Offer of Judgment Rule remains viable tool for trial lawyers pursuing a prompt and fair resolution
Before January 1, 2022, Michigan Court Rule 2.403 required all civil cases in Michigan to be submitted to case evaluation as a form of alternative dispute resolution.
During case evaluation, the parties provide brief summaries of the case to a panel of attorneys and orally advocate their positions. The panel then issues an award that the parties can either accept or reject. If both parties accept the panel’s award, the case is settled for that amount; if both parties reject the award, the case would continue forward towards trial. The wrinkle prior to January 1, 2022, was that in cases where one party accepted and another party rejected, the rejecting party risked sanctions in the form of paying the accepting party’s attorneys’ fees. Specifically, if the matter were to proceed to a verdict, and the rejecting party did not better its position relative to the case evaluation award by at least 10%, the rejecting party would be responsible for paying the opposing counsel’s actual costs, which includes attorneys’ fees.
However, as of January 1, 2022, MCR 2.403 was significantly revised. For starters, case evaluation is no longer mandatory. Parties are permitted to opt-out for other forms of alternative dispute resolution. More notably, the bite of case evaluation sanctions was removed entirely. For cases that proceed with case evaluation, there is no longer any consequence for rejecting a case evaluation panel’s award. As a result, mutual acceptance of an award between the parties is far less likely and less cases are settled through the case evaluation process.
The Michigan Offer of Judgment Rule under MCR 2.405 remains a powerful tool for encouraging the efficient settlement of disputes.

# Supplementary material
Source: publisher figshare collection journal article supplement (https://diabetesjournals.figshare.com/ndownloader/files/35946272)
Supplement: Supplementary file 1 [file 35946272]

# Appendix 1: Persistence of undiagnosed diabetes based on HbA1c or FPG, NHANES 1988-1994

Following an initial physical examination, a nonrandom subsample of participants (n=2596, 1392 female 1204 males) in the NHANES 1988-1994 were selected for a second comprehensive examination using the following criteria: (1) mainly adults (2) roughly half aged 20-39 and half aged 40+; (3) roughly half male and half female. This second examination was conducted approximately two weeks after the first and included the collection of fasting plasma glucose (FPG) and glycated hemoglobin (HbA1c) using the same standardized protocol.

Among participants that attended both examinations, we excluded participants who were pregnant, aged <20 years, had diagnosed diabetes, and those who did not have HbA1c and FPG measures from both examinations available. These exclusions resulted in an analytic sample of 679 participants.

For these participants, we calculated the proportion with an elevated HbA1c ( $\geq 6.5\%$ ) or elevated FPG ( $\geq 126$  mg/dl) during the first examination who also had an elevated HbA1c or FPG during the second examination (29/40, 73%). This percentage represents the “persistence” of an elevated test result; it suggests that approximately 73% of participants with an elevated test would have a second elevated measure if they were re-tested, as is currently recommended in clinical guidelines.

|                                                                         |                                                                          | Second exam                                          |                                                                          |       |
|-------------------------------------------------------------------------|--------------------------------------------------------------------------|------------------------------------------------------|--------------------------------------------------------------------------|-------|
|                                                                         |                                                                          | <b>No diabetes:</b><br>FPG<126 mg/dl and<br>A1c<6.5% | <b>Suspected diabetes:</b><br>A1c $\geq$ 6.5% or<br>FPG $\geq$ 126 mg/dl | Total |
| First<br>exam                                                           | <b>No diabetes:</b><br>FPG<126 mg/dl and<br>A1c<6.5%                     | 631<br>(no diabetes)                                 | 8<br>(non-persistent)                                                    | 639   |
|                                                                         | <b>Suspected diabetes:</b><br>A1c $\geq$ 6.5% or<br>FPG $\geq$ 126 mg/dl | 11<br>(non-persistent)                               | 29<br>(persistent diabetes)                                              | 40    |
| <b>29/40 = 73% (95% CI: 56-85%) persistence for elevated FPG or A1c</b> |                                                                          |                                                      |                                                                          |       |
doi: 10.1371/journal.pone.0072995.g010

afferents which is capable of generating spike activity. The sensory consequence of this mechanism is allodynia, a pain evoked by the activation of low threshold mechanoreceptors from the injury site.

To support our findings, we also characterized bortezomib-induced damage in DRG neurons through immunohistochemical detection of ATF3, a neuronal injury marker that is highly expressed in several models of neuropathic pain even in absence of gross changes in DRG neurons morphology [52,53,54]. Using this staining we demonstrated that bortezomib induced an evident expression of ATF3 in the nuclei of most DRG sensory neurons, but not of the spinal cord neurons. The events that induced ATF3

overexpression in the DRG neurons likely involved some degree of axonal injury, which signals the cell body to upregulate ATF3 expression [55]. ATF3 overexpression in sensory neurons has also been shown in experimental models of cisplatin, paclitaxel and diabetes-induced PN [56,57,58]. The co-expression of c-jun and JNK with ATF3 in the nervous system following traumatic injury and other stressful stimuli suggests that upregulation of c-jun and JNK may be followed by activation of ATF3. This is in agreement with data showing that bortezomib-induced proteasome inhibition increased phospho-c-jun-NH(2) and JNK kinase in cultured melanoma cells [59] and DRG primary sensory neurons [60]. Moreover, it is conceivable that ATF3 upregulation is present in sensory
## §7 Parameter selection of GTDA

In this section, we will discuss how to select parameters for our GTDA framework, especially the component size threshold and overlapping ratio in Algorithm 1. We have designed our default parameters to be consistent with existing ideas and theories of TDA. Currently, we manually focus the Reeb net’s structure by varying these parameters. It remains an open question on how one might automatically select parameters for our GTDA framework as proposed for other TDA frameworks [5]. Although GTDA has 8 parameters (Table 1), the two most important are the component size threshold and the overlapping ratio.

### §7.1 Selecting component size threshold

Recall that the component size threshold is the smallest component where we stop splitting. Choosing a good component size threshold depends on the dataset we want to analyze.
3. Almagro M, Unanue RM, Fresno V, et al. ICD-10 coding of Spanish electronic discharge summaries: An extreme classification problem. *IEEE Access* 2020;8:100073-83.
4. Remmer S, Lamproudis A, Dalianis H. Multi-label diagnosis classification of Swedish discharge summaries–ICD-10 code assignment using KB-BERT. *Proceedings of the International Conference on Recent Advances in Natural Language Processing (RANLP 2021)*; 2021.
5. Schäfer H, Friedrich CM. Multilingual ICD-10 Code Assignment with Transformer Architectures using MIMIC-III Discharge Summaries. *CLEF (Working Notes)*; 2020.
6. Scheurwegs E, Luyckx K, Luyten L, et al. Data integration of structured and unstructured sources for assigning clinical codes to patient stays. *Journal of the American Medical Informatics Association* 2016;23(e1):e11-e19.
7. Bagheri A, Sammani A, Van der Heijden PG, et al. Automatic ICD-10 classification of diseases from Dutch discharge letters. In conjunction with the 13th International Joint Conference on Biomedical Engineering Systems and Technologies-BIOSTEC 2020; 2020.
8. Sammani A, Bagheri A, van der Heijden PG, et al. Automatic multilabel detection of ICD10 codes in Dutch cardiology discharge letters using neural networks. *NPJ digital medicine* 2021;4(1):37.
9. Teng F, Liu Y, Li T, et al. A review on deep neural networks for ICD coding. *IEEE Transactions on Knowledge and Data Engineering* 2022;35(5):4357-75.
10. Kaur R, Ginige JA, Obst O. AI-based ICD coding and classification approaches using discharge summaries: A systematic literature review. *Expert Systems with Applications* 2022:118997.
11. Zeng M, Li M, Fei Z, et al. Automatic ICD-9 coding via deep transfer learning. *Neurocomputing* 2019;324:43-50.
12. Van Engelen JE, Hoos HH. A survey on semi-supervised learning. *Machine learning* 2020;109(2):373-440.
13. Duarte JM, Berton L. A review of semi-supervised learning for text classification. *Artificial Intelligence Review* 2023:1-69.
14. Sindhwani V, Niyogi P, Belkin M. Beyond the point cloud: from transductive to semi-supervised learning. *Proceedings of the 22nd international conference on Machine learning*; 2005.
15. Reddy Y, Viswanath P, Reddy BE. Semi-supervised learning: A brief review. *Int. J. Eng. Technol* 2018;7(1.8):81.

MCR 2.405 allows any party to serve a settlement proposal on an opposing party. If, within the time specified in the rule, the opponent accepts the proposal, one of the parties may file the offer and notice of acceptance with the court and the case is settled. However, if the party that rejects an offer of judgment does not do better than what the offer was at trial, the rejecting party must pay the other party’s actual costs and attorney’s fees. Moreover, if the adversary presents a counteroffer, costs and attorney fees are awarded to whichever party the judgment favors. In the simplest terms, the party whose offer is furthest from the ultimate judgment is typically required to pay the more accurate party’s attorney fees.
Offers of judgment made early in litigation will be valid at the time of trial, and sanctions will apply to those costs and attorneys’ fees accrued after the rejection of the prevailing party’s last offer or counteroffer. As a result, both sides are encouraged to be more proactive and thorough in settlement negotiations, as pending offers or counteroffers will lead to mounting costs and fees over time. This creates a powerful incentive for the parties to objectively evaluate the case’s true value and to reach a swift and reasonable resolution.
McDonald Hopkins’ attorneys have significant expertise evaluating case value and effectuating a reasonable resolution that is in our client’s best interests. If you have questions about litigation, dispute resolution, and offers of judgment, contact a member of our litigation team.